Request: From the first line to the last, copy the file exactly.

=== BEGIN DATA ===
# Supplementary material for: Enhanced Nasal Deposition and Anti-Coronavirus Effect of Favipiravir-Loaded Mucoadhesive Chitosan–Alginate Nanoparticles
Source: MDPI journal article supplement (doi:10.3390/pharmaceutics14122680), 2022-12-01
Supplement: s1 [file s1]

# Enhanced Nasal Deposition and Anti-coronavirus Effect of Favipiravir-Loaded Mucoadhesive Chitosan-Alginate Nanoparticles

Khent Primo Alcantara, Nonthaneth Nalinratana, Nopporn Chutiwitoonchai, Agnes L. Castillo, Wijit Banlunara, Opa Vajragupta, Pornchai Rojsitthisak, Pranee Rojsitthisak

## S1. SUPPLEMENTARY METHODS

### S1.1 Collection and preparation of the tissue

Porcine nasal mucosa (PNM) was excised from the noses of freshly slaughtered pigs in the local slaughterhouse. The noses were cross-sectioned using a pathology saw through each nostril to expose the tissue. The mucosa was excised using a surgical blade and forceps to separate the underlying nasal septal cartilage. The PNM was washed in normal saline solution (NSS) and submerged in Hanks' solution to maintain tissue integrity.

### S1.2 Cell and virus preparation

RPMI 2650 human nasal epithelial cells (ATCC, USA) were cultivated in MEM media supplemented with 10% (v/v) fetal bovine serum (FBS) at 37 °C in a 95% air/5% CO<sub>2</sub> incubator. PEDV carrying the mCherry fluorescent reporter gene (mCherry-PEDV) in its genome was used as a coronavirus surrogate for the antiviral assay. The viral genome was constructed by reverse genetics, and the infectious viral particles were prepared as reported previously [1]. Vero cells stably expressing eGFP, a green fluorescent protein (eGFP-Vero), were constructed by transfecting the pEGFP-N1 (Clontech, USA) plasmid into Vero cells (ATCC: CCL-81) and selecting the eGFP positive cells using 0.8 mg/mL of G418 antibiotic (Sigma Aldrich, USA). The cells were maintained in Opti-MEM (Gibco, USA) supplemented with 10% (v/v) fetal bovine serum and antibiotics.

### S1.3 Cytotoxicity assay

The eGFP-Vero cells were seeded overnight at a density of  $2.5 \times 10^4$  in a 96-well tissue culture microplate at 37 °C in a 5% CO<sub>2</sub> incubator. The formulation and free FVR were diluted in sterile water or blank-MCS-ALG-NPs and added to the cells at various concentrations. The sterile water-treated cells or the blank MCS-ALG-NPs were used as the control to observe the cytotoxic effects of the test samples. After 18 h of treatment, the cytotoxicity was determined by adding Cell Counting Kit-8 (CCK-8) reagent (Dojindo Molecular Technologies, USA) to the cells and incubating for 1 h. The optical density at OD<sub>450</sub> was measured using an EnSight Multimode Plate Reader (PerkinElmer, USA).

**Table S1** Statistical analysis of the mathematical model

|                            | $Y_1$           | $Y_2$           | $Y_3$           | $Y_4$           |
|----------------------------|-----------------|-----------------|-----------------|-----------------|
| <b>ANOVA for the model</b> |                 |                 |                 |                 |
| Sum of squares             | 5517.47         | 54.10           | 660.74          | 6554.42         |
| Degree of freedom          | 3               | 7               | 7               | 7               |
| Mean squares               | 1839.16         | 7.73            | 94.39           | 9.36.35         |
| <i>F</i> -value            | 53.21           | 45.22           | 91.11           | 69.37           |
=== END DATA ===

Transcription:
# Supplementary material for: Enhanced Nasal Deposition and Anti-Coronavirus Effect of Favipiravir-Loaded Mucoadhesive Chitosan–Alginate Nanoparticles
Source: MDPI journal article supplement (doi:10.3390/pharmaceutics14122680), 2022-12-01
Supplement: s1 [file s1]

# Enhanced Nasal Deposition and Anti-coronavirus Effect of Favipiravir-Loaded Mucoadhesive Chitosan-Alginate Nanoparticles

Khent Primo Alcantara, Nonthaneth Nalinratana, Nopporn Chutiwitoonchai, Agnes L. Castillo, Wijit Banlunara, Opa Vajragupta, Pornchai Rojsitthisak, Pranee Rojsitthisak

## S1. SUPPLEMENTARY METHODS

### S1.1 Collection and preparation of the tissue

Porcine nasal mucosa (PNM) was excised from the noses of freshly slaughtered pigs in the local slaughterhouse. The noses were cross-sectioned using a pathology saw through each nostril to expose the tissue. The mucosa was excised using a surgical blade and forceps to separate the underlying nasal septal cartilage. The PNM was washed in normal saline solution (NSS) and submerged in Hanks' solution to maintain tissue integrity.

### S1.2 Cell and virus preparation

RPMI 2650 human nasal epithelial cells (ATCC, USA) were cultivated in MEM media supplemented with 10% (v/v) fetal bovine serum (FBS) at 37 °C in a 95% air/5% CO<sub>2</sub> incubator. PEDV carrying the mCherry fluorescent reporter gene (mCherry-PEDV) in its genome was used as a coronavirus surrogate for the antiviral assay. The viral genome was constructed by reverse genetics, and the infectious viral particles were prepared as reported previously [1]. Vero cells stably expressing eGFP, a green fluorescent protein (eGFP-Vero), were constructed by transfecting the pEGFP-N1 (Clontech, USA) plasmid into Vero cells (ATCC: CCL-81) and selecting the eGFP positive cells using 0.8 mg/mL of G418 antibiotic (Sigma Aldrich, USA). The cells were maintained in Opti-MEM (Gibco, USA) supplemented with 10% (v/v) fetal bovine serum and antibiotics.

### S1.3 Cytotoxicity assay

The eGFP-Vero cells were seeded overnight at a density of  $2.5 \times 10^4$  in a 96-well tissue culture microplate at 37 °C in a 5% CO<sub>2</sub> incubator. The formulation and free FVR were diluted in sterile water or blank-MCS-ALG-NPs and added to the cells at various concentrations. The sterile water-treated cells or the blank MCS-ALG-NPs were used as the control to observe the cytotoxic effects of the test samples. After 18 h of treatment, the cytotoxicity was determined by adding Cell Counting Kit-8 (CCK-8) reagent (Dojindo Molecular Technologies, USA) to the cells and incubating for 1 h. The optical density at OD<sub>450</sub> was measured using an EnSight Multimode Plate Reader (PerkinElmer, USA).

**Table S1** Statistical analysis of the mathematical model

|                            | $Y_1$           | $Y_2$           | $Y_3$           | $Y_4$           |
|----------------------------|-----------------|-----------------|-----------------|-----------------|
| <b>ANOVA for the model</b> |                 |                 |                 |                 |
| Sum of squares             | 5517.47         | 54.10           | 660.74          | 6554.42         |
| Degree of freedom          | 3               | 7               | 7               | 7               |
| Mean squares               | 1839.16         | 7.73            | 94.39           | 9.36.35         |
| <i>F</i> -value            | 53.21           | 45.22           | 91.11           | 69.37           |